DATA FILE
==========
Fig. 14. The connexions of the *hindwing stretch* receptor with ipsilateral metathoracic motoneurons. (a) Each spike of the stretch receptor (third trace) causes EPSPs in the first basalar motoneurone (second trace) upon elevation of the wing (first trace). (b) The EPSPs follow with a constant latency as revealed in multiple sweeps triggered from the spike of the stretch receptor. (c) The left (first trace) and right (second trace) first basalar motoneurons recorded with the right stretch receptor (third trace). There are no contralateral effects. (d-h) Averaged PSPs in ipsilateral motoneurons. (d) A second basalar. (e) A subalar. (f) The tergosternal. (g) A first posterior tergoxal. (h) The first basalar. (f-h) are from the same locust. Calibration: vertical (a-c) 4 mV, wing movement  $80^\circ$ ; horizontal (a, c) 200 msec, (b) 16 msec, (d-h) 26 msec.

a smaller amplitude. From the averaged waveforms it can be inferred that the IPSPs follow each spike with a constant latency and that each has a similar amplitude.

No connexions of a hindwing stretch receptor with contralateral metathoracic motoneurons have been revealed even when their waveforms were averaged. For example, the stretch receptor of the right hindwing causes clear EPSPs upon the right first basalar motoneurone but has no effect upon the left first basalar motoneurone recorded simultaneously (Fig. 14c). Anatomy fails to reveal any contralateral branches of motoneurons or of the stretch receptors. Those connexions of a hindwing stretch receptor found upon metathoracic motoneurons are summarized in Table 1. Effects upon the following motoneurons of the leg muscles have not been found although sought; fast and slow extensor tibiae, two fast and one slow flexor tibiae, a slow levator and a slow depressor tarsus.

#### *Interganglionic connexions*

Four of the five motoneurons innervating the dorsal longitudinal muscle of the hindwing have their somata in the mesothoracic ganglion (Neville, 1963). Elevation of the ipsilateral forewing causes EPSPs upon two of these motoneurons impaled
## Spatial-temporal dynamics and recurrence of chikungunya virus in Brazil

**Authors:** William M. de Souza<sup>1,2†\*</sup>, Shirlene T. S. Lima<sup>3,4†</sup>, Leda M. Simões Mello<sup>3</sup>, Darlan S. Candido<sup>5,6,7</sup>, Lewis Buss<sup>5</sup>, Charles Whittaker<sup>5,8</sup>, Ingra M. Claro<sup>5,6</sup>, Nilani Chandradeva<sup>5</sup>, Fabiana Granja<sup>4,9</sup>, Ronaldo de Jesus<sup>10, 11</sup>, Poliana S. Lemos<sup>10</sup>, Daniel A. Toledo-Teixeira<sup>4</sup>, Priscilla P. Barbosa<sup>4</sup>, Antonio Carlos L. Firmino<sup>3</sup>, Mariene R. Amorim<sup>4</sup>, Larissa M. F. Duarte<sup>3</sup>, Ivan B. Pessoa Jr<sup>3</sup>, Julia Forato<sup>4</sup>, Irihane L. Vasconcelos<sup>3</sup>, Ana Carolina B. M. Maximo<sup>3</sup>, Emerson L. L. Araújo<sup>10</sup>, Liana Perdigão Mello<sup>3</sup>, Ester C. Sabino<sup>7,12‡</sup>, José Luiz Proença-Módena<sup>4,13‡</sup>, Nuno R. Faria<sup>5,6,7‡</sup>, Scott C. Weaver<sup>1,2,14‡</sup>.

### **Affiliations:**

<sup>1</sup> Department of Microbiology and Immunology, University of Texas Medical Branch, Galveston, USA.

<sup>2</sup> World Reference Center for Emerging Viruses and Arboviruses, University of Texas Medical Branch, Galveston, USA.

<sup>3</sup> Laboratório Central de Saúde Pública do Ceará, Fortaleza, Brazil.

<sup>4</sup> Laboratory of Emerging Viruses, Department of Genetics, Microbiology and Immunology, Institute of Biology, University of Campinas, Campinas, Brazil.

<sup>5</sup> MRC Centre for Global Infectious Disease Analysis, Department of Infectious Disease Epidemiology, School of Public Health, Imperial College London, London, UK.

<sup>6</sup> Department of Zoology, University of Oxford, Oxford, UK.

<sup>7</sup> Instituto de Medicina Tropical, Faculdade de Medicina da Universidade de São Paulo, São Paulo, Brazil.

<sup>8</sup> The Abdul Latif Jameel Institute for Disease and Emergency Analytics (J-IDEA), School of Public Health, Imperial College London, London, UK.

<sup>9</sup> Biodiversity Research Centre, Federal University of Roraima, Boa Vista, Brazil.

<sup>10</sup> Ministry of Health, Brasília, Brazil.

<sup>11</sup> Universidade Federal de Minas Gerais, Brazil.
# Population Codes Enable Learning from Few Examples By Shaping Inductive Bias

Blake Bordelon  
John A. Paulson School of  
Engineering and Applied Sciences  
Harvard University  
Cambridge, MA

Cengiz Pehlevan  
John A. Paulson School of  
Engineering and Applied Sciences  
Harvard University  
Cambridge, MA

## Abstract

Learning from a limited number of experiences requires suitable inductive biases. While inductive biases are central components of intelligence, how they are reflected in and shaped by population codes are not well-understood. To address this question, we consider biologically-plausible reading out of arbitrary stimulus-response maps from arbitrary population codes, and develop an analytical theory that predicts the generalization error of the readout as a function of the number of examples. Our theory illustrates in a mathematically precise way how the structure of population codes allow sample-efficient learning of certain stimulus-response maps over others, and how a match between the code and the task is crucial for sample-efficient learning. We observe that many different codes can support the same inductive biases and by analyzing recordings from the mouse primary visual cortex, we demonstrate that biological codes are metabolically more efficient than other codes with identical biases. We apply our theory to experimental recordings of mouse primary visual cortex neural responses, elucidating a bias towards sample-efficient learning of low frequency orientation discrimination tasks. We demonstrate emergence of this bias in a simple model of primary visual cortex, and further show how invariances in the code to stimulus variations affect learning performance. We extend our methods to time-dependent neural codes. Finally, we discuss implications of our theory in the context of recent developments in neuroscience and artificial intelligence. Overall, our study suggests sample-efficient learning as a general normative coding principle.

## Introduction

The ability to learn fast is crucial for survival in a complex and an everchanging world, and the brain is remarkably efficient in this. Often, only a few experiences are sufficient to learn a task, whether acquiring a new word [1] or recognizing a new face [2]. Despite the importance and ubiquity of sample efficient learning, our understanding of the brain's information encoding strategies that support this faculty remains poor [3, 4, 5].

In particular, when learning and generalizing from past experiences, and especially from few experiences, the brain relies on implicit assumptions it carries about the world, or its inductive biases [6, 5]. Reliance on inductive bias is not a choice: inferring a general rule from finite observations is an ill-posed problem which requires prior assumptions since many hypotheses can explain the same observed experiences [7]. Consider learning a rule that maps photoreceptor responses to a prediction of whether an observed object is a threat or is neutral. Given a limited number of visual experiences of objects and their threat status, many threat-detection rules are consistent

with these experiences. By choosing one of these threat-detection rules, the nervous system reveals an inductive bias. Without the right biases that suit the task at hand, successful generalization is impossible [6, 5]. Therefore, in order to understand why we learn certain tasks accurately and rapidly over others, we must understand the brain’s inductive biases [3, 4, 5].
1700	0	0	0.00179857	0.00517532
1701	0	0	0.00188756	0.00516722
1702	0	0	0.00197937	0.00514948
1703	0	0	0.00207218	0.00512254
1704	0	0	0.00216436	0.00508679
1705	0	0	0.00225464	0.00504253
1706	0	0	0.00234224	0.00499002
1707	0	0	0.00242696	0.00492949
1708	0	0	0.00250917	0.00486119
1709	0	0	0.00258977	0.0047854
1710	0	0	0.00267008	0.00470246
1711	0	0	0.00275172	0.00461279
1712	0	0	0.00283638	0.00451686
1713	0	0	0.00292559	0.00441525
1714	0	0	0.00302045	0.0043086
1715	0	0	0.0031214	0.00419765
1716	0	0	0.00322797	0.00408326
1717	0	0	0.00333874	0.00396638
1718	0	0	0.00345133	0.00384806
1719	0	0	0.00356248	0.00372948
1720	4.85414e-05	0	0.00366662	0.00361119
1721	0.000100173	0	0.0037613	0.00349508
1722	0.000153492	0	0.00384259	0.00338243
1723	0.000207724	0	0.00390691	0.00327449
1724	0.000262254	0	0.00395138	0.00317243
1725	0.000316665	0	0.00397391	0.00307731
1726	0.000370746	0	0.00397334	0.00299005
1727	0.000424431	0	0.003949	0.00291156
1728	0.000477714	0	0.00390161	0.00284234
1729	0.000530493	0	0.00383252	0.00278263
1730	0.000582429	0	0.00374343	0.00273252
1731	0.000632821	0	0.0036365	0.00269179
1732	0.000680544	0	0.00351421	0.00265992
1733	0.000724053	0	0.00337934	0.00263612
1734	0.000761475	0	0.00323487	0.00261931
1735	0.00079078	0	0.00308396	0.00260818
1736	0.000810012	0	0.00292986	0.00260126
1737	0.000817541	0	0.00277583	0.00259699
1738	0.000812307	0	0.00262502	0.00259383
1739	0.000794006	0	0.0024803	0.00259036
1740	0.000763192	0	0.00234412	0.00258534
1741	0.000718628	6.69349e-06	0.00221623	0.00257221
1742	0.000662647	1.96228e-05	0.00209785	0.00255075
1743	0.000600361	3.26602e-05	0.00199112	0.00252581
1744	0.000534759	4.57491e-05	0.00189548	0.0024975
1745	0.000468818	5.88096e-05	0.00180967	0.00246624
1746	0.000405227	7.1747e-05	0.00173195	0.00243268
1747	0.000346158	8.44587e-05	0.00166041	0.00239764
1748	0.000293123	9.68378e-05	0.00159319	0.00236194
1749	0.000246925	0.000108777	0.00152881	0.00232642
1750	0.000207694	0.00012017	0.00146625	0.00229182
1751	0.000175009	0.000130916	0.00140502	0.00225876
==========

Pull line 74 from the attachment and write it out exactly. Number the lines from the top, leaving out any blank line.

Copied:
1737	0.000817541	0	0.00277583	0.00259699